Ideas mean nothing without the ability to execute, and we have that capability in spades.  Nor does anybody benefit from taking advantage of an idea on their own; they have no idea when that thesis comes to an end nor will they subsequently benefit from the next idea, and the one after, and the one after that.

There is a whole industry out there dedicated to selling investment ideas.  It doesn’t matter what the quality is, and for the average investor something like the Motley Fool is superlative whereas some of the shills, otherwise known as newsletters, are nothing more than sensationalized pieces of poop, preying on baser emotions of fear, greed and envy.  Without subscribing for or paying for enriched content, you don’t get access to the ideas.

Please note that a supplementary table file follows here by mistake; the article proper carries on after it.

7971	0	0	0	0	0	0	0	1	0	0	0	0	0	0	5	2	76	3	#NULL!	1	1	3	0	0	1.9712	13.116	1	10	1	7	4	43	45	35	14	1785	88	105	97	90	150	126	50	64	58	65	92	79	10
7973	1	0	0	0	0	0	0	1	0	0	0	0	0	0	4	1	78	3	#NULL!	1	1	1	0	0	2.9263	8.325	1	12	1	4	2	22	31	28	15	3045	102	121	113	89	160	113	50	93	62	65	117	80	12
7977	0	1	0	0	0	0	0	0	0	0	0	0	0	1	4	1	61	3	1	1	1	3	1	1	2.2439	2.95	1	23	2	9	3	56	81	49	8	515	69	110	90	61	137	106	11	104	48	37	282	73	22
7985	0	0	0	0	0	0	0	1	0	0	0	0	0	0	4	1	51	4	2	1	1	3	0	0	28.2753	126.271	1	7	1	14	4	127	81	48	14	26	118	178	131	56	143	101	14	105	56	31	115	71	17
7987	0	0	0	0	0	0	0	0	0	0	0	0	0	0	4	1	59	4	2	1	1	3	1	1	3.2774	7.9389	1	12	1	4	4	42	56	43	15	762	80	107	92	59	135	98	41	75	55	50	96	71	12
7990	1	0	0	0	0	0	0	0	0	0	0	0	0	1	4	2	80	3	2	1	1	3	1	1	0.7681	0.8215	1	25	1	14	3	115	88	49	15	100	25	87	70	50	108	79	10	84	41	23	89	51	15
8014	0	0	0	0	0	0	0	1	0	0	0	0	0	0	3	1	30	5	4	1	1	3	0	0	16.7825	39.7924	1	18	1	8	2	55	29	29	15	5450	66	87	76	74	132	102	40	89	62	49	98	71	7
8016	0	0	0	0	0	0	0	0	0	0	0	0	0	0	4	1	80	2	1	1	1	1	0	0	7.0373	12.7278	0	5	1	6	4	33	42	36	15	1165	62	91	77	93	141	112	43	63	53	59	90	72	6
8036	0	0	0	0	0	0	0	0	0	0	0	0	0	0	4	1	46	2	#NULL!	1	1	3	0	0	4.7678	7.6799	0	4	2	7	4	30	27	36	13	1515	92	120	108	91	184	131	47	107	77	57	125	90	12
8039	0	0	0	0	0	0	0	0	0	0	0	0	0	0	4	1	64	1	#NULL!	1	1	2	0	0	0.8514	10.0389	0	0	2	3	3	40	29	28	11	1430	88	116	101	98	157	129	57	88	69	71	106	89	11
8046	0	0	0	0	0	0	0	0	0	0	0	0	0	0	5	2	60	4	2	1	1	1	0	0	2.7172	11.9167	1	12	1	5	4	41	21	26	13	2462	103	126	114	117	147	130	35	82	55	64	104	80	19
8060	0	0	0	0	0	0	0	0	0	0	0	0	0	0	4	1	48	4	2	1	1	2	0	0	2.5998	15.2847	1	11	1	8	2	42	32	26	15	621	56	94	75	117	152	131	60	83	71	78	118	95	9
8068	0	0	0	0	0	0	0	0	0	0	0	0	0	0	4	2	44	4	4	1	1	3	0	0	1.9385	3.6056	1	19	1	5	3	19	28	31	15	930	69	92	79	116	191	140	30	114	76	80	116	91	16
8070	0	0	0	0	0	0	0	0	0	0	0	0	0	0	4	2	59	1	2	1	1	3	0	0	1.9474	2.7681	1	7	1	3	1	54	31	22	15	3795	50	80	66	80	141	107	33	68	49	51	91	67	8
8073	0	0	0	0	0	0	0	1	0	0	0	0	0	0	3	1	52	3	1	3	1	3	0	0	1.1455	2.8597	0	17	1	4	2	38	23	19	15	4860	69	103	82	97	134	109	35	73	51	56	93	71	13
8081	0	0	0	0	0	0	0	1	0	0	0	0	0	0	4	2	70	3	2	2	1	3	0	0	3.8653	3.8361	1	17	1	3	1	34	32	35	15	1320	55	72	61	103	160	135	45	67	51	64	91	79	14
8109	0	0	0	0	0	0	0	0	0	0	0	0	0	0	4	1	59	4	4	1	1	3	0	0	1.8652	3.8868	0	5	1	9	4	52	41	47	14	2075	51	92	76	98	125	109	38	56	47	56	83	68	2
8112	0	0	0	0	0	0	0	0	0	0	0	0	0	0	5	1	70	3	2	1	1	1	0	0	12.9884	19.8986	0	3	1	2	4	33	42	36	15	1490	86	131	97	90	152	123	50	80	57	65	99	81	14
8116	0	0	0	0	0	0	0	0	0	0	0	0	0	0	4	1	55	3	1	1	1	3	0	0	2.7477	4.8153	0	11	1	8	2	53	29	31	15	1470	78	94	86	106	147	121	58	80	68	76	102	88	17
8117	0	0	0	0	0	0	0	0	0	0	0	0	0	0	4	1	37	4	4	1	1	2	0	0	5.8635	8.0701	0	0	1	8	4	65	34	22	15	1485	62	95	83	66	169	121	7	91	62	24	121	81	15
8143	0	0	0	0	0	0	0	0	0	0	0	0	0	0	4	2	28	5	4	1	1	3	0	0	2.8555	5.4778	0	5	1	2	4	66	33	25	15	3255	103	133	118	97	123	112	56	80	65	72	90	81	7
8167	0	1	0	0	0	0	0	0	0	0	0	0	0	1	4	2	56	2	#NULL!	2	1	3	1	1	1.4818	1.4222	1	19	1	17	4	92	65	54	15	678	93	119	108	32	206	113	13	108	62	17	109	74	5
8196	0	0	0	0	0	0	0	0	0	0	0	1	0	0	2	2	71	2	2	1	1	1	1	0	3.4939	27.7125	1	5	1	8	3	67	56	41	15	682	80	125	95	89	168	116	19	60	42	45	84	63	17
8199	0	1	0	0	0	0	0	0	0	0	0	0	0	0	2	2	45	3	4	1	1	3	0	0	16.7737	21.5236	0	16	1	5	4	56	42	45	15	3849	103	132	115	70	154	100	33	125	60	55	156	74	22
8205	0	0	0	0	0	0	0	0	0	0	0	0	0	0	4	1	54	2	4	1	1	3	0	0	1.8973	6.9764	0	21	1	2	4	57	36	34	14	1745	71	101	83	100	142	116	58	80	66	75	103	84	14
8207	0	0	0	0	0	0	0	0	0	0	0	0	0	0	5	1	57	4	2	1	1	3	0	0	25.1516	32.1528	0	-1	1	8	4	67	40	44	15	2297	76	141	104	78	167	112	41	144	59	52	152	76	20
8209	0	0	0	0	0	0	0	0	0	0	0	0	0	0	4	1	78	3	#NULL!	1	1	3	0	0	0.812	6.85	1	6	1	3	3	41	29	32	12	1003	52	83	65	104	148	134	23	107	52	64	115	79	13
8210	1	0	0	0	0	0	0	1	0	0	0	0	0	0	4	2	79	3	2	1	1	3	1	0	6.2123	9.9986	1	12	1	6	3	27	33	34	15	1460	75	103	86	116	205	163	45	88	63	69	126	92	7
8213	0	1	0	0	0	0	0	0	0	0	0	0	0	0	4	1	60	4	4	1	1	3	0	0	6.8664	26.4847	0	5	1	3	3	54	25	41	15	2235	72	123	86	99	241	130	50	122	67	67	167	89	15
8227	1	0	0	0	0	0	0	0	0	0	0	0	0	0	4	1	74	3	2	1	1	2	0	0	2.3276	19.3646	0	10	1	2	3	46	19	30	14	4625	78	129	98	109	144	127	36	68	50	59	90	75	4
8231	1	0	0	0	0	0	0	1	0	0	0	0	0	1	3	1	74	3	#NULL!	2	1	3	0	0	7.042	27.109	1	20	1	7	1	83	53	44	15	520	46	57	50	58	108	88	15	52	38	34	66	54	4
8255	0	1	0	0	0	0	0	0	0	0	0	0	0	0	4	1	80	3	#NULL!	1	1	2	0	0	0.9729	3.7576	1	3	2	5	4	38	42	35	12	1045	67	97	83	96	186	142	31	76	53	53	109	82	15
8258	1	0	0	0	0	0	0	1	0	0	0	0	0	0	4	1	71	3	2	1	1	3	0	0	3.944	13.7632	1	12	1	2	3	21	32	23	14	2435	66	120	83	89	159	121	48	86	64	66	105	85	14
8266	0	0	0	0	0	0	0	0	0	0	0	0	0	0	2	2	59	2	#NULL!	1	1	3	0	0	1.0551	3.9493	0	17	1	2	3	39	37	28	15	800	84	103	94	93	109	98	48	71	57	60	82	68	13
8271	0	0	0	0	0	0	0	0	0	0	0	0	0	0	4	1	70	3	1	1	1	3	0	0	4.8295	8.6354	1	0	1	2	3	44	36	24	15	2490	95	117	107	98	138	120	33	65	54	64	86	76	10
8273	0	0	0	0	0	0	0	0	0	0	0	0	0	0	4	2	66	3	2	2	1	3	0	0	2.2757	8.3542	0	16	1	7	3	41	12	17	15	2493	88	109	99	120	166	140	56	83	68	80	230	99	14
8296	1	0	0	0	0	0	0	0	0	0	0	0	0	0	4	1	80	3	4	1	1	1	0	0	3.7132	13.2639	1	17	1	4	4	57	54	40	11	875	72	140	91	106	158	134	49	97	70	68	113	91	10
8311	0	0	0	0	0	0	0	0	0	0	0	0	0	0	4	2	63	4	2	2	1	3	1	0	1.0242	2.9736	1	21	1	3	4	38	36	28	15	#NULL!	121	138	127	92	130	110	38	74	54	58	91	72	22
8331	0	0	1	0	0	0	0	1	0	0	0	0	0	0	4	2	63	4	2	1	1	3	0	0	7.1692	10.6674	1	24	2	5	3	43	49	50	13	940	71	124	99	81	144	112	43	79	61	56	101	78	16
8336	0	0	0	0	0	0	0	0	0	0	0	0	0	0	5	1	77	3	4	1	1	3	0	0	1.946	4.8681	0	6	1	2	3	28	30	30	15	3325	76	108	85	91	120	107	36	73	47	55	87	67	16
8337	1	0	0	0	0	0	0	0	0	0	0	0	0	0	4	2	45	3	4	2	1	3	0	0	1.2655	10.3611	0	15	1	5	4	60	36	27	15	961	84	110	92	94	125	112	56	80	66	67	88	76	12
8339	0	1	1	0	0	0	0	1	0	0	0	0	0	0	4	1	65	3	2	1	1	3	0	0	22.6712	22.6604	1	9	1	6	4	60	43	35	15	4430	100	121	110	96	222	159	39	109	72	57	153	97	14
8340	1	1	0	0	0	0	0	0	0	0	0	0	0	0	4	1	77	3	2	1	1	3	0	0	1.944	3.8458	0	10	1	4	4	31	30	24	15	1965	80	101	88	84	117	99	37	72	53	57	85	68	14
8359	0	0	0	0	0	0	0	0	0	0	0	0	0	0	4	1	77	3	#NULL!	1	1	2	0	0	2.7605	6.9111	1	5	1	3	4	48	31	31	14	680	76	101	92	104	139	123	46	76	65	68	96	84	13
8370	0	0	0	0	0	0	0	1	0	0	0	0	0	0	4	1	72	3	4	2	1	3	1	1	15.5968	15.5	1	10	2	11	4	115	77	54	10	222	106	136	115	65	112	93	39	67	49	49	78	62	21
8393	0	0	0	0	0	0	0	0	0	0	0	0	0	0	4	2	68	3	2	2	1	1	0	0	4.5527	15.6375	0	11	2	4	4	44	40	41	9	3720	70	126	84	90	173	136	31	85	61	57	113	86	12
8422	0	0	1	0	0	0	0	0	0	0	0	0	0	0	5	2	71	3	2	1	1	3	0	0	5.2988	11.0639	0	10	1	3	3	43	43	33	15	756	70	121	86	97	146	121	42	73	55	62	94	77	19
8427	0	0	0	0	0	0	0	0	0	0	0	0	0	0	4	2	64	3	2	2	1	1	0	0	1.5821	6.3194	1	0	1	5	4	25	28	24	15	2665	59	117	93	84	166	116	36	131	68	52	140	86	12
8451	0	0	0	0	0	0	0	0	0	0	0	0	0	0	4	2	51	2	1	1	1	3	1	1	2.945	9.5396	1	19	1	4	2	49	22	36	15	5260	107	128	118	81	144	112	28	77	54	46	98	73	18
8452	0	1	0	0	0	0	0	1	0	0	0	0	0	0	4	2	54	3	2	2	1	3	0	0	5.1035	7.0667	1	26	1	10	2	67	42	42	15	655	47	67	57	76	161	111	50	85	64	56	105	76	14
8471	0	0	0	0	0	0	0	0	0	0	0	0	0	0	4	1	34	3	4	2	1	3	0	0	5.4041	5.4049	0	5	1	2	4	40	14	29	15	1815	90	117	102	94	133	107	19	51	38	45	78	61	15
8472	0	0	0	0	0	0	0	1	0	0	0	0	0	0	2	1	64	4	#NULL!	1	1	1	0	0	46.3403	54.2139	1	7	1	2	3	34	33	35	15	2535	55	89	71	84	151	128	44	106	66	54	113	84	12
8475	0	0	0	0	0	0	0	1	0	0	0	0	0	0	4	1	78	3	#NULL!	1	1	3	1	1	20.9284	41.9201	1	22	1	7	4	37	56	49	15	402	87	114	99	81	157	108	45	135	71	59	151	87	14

What is more important is that the ideas that appear in the press, whether publications like the Globe and Mail, or on business news networks like CNBC, or even newsletters good or bad, quickly result in a crowded trade.  I would love to be in a place where my opinion could move a market, but that’s not going to happen.  On the other hand, I won’t crowd the trade – I make money not on selling the ideas, but in executing timely ideas in an efficient and compliant way.

I have built a considerable business on at least five occasions relying on selling the “big idea”.  I’ve used seminars, cold calling, referrals and prospecting of friends and acquaintances. I’ve built extensive explanatory communications to make sure that I could explain both the complexity in simplest terms and in an ego gratifying way show that I can take all those disparate parts and package them up into something elegant.  And inadvertently I’ve built into those projects their own obsolescence – markets, tax regimes and economic conditions change, but a well-built structure is worthless because you can’t renovate the bones that it has been built on.